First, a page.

Dr Jane Tynan, Assistant Professor of Design History and Theory at VU Amsterdam, suggests that this culture of ‘borrowing’ from indigenous peoples can be traced back to the time of colonialism, which saw the West plunder local cultures for one-sided gain. Dr Tynan argues that this appropriation has been ingrained and normalised into society so deeply that we struggle to recognise it:
“The problem is that cultural ‘exchange’ within colonialism was always uneven, concerned as it was with exploitation for profit, rather than fair exchange or dialogue,” she says. “The movement to decolonize science, art, design and education is ongoing, and involves struggle and conflict; we now see that playing out in fashion in particular.”
For minority cultures, the legality of protecting and preserving their traditions and customs has often proven difficult. To date, there is no record of any labels or designers facing courtroom penalties for cultural appropriation or plagiarism. Largely, this is because most of these cases fall under the category of collective intellectual property, and as such are not protected by copyright or industrial property laws that only seek to cover individuals. However, more recent claims of cultural appropriation within luxury fashion have prompted local councilors and politicians to debate the existing amendments of copyright laws in the hope of providing greater protection to indigenous artists.
Shannon Brett, the Aboriginal artist behind Australian textiles manufacturer Lore, is of the belief that a level of accountability is imperative for major labels who take from traditional cultural design. She says that a lack of transparency around design ideas and concepts has negative impacts on both the designer and consumer: “Indigenous artists (like all true artists) put their heart and soul into their ideas and their creations, something which is lost when they’re taken by big, commercial brands. It is exhausting to witness plagiarism of indigenous design – especially when it’s of your own work.”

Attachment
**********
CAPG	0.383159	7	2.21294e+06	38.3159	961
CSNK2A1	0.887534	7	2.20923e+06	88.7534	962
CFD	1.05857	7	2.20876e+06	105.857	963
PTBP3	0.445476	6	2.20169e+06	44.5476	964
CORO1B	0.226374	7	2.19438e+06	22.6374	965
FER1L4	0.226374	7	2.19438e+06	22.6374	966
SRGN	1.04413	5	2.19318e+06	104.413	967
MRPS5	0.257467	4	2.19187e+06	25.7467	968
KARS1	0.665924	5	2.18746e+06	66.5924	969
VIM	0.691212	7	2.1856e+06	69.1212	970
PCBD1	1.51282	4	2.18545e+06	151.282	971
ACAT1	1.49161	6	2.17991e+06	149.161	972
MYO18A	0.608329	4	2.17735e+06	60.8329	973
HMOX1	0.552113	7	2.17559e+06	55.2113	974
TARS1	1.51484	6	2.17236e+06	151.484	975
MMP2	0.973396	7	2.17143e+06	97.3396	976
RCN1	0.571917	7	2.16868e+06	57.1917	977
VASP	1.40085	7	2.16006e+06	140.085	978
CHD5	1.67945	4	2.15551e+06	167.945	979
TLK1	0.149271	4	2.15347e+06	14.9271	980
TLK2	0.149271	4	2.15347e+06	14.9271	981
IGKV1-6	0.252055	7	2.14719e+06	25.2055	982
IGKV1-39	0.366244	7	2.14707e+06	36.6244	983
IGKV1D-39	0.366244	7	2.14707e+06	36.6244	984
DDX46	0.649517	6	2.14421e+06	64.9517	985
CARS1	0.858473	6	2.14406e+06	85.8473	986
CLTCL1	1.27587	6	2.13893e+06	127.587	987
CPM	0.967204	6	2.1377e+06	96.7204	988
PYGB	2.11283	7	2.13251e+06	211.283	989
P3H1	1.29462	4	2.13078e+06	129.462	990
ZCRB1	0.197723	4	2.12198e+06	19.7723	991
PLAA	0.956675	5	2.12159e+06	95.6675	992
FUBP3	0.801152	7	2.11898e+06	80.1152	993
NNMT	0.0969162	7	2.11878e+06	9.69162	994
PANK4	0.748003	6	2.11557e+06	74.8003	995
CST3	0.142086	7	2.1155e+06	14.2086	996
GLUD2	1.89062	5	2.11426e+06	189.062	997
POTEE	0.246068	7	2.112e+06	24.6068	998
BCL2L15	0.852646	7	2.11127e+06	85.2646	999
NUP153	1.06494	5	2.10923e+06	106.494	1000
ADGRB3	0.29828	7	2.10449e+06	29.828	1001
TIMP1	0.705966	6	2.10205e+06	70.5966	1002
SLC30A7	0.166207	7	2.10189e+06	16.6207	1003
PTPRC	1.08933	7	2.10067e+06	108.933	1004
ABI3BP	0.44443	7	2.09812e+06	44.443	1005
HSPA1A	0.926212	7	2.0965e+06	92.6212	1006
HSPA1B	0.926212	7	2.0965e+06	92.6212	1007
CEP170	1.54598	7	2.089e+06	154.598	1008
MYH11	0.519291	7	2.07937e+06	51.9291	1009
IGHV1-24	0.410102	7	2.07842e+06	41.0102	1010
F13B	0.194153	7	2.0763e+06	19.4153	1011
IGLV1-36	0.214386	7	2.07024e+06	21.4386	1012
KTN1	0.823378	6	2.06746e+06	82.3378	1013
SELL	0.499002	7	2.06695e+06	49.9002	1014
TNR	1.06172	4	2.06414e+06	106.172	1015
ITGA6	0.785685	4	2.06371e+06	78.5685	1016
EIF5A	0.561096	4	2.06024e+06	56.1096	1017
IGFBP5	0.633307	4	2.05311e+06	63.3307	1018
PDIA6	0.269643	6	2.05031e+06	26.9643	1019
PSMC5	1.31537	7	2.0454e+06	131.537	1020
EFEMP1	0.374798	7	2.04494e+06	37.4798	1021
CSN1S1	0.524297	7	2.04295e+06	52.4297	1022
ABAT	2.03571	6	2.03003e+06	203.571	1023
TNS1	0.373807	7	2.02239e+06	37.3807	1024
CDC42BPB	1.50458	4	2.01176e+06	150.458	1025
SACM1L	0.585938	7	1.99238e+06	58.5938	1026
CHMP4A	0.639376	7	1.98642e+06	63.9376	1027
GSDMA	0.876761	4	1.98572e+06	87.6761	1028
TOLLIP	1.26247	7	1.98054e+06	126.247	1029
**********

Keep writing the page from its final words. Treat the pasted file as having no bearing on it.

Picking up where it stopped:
The creative force behind Jamie Gentry Designs echoes this sentiment. A proud descendent of the Kwakwaka’wakw nation in British Columbia, Gentry’s custom made moccasins are cut, beaded and sewn to order. She is passionate in her belief that whilst shopping for authentic indigenous products helps support both the artist and the community at a grassroots level, it’s also an opportunity to become better educated. Bypassing this removes consumers’ connection to the indigenous culture and community from which it stems: “Appropriation turns culture into a trend, and devalues the true meaning behind our art forms,” she says.